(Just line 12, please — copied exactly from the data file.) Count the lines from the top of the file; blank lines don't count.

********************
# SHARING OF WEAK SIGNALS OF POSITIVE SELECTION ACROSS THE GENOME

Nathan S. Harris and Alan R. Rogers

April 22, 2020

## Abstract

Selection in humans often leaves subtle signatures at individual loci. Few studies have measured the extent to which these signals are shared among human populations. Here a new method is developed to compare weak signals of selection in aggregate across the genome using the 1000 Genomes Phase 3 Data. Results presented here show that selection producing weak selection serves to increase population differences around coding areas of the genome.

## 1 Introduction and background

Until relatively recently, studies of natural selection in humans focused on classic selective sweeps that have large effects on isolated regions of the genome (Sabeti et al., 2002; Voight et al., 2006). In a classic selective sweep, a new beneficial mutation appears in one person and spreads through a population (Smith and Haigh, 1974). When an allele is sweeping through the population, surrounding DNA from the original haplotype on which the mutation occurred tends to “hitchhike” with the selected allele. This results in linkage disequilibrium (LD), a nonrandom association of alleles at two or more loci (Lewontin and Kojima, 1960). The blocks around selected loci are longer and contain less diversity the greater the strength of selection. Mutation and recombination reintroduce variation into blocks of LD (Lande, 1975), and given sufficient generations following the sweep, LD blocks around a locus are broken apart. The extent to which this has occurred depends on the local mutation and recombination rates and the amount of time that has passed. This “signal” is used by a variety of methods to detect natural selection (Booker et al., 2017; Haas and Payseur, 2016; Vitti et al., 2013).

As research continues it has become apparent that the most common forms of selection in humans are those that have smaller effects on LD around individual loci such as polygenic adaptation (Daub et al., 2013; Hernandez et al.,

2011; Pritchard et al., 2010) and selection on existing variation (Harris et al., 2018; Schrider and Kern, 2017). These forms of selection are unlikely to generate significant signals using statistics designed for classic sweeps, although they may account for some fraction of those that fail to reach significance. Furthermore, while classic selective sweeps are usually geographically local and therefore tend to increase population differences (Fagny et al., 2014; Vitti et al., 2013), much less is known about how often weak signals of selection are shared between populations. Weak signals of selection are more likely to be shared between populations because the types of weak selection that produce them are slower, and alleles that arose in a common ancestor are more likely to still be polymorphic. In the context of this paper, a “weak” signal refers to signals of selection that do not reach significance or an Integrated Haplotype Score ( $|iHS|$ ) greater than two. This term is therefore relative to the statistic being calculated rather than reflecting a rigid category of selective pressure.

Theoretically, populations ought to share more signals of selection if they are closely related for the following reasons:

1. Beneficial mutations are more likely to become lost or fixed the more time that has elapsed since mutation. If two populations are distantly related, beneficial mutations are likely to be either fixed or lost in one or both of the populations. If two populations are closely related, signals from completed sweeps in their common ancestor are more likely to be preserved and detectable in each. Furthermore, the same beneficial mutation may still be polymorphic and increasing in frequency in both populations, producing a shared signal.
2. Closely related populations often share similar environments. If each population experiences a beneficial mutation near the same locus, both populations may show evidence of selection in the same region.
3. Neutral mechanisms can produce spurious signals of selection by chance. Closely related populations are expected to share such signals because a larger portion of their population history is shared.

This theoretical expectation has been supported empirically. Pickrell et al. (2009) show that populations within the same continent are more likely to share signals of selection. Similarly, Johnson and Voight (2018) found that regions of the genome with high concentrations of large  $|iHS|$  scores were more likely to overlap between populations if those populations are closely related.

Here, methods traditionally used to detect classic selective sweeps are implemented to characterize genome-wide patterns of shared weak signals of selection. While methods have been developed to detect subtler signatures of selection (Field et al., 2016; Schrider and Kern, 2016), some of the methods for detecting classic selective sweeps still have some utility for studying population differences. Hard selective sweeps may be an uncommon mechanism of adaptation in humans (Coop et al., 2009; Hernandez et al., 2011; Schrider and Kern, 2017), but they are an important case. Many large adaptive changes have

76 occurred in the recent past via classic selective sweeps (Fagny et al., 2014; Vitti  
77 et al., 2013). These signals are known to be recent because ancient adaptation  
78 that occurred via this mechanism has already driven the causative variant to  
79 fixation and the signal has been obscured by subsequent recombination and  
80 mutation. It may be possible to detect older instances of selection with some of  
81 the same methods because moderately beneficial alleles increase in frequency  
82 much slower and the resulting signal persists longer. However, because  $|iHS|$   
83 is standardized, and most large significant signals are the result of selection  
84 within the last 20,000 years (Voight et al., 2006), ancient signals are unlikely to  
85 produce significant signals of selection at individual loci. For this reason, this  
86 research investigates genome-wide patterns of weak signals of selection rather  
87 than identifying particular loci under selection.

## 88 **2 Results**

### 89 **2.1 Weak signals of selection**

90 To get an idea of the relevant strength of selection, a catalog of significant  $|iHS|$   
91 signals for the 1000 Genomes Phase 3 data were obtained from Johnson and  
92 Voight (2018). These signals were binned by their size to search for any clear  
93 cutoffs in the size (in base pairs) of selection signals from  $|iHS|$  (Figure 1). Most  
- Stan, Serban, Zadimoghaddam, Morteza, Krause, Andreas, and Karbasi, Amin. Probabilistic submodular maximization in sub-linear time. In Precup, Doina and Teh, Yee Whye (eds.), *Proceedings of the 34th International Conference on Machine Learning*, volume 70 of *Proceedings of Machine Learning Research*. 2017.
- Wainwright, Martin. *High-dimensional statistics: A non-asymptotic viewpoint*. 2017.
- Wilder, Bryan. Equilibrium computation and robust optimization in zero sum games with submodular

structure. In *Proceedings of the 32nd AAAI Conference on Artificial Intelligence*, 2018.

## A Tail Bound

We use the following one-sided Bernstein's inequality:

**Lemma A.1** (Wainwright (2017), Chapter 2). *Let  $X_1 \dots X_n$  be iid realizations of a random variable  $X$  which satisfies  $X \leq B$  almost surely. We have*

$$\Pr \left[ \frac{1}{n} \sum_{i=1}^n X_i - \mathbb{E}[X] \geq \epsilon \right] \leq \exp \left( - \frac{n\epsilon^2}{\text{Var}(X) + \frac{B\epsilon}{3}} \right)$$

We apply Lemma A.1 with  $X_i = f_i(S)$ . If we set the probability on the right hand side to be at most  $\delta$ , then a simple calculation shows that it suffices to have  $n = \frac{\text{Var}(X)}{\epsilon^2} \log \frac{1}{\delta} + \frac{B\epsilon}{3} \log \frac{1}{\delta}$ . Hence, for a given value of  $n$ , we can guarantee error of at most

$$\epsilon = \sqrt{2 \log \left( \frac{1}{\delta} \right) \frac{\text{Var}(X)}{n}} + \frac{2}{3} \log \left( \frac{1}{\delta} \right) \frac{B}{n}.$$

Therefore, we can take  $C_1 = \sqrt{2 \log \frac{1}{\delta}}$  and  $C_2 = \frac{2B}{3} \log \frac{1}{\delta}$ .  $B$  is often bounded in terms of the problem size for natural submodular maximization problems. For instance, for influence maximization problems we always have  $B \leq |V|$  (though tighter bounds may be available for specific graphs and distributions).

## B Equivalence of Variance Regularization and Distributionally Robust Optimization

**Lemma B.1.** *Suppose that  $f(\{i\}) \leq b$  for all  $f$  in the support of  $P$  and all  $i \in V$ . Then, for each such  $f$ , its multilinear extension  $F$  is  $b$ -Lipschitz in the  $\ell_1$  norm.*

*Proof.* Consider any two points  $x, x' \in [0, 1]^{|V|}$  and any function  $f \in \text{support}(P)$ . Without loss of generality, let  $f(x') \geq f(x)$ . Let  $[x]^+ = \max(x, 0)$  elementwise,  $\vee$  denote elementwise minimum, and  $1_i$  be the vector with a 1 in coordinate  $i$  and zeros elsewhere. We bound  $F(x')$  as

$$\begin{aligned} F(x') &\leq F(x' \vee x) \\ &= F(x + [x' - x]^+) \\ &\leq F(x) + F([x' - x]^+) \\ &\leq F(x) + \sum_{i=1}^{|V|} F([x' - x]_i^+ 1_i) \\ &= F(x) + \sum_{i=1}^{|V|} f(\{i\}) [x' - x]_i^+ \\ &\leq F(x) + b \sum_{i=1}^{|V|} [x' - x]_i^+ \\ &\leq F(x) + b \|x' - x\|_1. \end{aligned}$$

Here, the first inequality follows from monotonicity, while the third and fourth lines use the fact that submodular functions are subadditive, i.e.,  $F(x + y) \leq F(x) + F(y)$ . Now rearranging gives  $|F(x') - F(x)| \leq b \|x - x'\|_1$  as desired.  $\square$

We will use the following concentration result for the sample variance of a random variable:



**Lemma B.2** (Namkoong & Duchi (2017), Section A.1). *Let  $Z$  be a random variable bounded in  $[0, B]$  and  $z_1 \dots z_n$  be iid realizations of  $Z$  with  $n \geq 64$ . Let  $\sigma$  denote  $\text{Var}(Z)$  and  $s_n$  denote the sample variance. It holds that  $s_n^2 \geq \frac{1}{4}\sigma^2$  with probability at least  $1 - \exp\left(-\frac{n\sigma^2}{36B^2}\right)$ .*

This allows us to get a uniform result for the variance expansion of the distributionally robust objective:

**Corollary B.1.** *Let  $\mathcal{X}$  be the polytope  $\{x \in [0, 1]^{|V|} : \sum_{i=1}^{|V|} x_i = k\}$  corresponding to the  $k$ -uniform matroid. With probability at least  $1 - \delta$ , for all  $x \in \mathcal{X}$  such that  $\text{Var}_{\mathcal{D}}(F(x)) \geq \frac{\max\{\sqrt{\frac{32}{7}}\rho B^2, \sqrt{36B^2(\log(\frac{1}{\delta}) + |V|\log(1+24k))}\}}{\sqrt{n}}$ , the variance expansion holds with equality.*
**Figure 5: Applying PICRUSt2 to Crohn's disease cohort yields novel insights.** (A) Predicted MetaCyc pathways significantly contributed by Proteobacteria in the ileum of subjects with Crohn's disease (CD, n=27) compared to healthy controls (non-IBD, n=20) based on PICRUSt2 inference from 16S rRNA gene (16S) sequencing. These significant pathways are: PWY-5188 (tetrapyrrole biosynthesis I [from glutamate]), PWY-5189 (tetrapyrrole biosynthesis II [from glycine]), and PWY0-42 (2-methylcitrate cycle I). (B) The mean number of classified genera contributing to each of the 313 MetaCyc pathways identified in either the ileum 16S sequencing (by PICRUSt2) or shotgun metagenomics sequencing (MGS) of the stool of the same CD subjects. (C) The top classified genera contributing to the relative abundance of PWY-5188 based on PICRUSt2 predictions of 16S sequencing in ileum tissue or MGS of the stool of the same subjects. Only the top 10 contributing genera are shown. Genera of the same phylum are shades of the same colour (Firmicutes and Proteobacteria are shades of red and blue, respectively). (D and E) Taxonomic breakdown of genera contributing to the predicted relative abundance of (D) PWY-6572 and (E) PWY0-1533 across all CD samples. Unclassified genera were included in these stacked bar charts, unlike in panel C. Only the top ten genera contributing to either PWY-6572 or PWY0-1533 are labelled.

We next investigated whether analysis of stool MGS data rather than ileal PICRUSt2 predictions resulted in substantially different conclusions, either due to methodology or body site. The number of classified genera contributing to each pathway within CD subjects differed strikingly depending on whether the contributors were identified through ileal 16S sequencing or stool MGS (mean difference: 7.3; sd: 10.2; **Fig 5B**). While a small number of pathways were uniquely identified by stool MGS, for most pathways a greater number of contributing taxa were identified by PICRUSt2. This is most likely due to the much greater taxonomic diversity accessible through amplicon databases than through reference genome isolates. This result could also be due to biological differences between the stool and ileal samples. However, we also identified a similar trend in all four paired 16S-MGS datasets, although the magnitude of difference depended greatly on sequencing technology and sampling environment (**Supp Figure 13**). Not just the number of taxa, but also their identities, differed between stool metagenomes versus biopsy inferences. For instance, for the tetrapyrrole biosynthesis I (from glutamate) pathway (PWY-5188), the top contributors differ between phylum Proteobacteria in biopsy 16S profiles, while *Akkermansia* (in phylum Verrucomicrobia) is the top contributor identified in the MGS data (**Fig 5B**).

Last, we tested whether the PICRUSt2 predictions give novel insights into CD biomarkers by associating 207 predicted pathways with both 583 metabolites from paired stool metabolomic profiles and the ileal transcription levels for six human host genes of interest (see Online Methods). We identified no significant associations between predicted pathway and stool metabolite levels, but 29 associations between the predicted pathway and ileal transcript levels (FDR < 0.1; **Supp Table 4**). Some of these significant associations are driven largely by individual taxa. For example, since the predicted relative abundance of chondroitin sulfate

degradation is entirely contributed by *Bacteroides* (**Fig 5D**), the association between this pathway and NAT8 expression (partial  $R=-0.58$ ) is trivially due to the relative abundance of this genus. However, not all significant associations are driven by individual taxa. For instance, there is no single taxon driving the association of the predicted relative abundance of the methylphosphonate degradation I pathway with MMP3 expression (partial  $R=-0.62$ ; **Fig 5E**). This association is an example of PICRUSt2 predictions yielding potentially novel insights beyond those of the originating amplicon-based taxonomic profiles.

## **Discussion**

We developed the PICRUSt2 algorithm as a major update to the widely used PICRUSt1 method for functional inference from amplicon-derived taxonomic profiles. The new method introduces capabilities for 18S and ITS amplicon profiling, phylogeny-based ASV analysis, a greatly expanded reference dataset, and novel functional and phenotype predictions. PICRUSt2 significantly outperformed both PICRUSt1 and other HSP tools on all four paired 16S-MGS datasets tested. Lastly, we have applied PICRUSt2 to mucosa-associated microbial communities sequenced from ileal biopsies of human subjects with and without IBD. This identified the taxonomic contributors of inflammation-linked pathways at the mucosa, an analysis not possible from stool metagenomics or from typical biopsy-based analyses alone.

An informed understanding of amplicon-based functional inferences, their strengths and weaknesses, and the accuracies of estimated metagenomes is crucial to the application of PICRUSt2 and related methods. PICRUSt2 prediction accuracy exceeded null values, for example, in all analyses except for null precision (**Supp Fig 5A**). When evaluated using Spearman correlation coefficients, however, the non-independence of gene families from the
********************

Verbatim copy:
2. Closely related populations often share similar environments. If each population experiences a beneficial mutation near the same locus, both populations may show evidence of selection in the same region.